Local News

Never Forget – Area First Responders Honor Those Who Have Died On And After 9/11


It has been 22 years since the terrorist attacks in New York City, Washington DC, and in Shanksville PA, it will be a day never forgotten and one that will honor those who swore to serve and protect.

Despite the heavy rain, first responders from Cortland County and surrounding counties along with dozens of residents of the Cortland area joined together at the 9/11 Memorial at Courthouse Park in the City of Cortland.

Veteran and founder of Veteran’s Search and Rescue (VETSAR) Norm Stitzel began the remembrance ceremony with the raising of the flag followed by the national anthem. City of Cortland Fire Department Chaplain Al Ferguson gave an invocation to the crowd.

This year, the remembrance ceremony honored 9/11 victim Chief Thomas Wutz, who died earlier this year from cancers related to his Ground Zero deployment. Chief Wutz began his fire career in 1968 for the Williamsville Fire Department before becoming a member for the Schoharie Fire Department from 1972-86, being chief from 1975-1980. In Colonie, he was an active member of the Midway Fire Department until 2000. He additionally had a 31 year career with the NYS Office of Fire Prevention and Control, retiring in 2011 and Chief of the Fire Service Bureau.

Chief Wutz was immediately deployed to Ground Zero to work the incident management team, this work attributing to his illness and later death.

“As a chief of the Fire Services Bureau with the New York State Fire Prevention and Control. Tom had a direct impact on the Cortland Community. Chief Wutz oversaw many of the training programs that are not only the basis for training across the state, but also here in Cortland County.” Stizel said to the crowd as he spoke in remembrance of Chief Wutz.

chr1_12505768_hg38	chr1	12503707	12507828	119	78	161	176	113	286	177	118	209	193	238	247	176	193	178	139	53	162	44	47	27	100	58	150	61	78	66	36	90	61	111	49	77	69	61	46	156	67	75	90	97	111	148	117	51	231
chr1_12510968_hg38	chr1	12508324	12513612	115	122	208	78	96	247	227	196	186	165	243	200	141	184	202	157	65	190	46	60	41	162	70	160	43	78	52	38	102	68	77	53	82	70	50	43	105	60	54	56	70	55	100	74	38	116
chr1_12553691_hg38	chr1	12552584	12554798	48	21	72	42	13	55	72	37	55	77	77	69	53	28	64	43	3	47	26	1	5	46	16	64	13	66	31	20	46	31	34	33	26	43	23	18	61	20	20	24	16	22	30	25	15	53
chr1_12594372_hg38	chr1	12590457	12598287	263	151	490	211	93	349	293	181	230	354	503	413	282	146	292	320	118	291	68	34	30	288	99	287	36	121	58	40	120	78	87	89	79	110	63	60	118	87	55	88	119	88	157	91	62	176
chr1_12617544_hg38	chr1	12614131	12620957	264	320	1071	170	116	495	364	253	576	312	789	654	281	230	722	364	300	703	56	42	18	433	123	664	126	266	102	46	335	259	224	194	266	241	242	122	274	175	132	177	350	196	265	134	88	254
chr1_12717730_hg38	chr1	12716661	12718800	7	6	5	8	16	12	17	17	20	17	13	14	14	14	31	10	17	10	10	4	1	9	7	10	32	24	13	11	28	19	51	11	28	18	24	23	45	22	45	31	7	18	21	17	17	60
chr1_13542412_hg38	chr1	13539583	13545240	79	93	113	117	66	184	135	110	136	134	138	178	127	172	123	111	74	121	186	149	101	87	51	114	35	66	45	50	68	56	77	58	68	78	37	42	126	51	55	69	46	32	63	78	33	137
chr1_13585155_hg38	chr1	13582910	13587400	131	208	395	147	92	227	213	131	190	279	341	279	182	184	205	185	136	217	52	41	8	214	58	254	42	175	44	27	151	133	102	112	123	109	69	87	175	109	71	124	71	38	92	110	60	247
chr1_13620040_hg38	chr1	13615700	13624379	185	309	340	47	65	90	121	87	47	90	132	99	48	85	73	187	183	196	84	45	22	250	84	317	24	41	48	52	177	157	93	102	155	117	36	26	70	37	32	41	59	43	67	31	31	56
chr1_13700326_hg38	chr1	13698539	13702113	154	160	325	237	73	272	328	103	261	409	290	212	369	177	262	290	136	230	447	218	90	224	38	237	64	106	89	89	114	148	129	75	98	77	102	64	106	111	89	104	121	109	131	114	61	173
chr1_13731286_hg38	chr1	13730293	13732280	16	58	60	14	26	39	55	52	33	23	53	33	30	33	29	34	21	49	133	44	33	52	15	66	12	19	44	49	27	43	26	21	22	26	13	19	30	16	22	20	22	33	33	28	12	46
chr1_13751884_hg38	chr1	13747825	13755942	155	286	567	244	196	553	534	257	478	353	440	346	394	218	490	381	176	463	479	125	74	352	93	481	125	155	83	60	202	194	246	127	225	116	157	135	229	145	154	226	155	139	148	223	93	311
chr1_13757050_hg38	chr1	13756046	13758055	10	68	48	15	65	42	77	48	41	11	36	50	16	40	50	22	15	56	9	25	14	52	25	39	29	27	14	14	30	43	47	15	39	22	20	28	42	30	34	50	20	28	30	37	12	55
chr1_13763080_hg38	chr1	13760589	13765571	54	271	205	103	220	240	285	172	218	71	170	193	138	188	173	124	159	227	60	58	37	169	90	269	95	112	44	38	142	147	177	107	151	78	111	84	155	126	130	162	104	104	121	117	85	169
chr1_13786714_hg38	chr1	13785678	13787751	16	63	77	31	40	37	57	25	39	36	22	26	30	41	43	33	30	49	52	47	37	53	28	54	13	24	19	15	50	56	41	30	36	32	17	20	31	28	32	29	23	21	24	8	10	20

A total of six rings from a bell were rung during the ceremony, one ring for each plane, one bell for each of the towers, and one for the fire department, police department and first responders of 9/11, and one ring for all of those who had died since 9/11.

Guest speaker during yesterday’s event was Keith Cartica, Battalion Chief for the FDNY. He is a 42 year member of the fire department serving the North Bronx. Cartica noted the FDNY’s wall of remembrance has added another 43 names of those who have died from 9/11 related illness’.

“As of Thursday of last week, that number is now up to 341 people. On 9/11 we lost 343. We are soon going to be passing the number of individuals who were lost on 9/11.” Cartica said on reflecting the ongoing effect that day has to many families and communities.

He continued to note only 60% of those who died on 9/11 have been identified at Ground Zero, 40% remain still unaccounted for.

“This year marks 22 years, as time goes on people forget. We must never forget. Today and every 9/11 we will continue to attempt to educate, motivate and inspire. So that we and those generations that follow will never forget.” Norm Stizel said as the remembrance ceremony came to a close.


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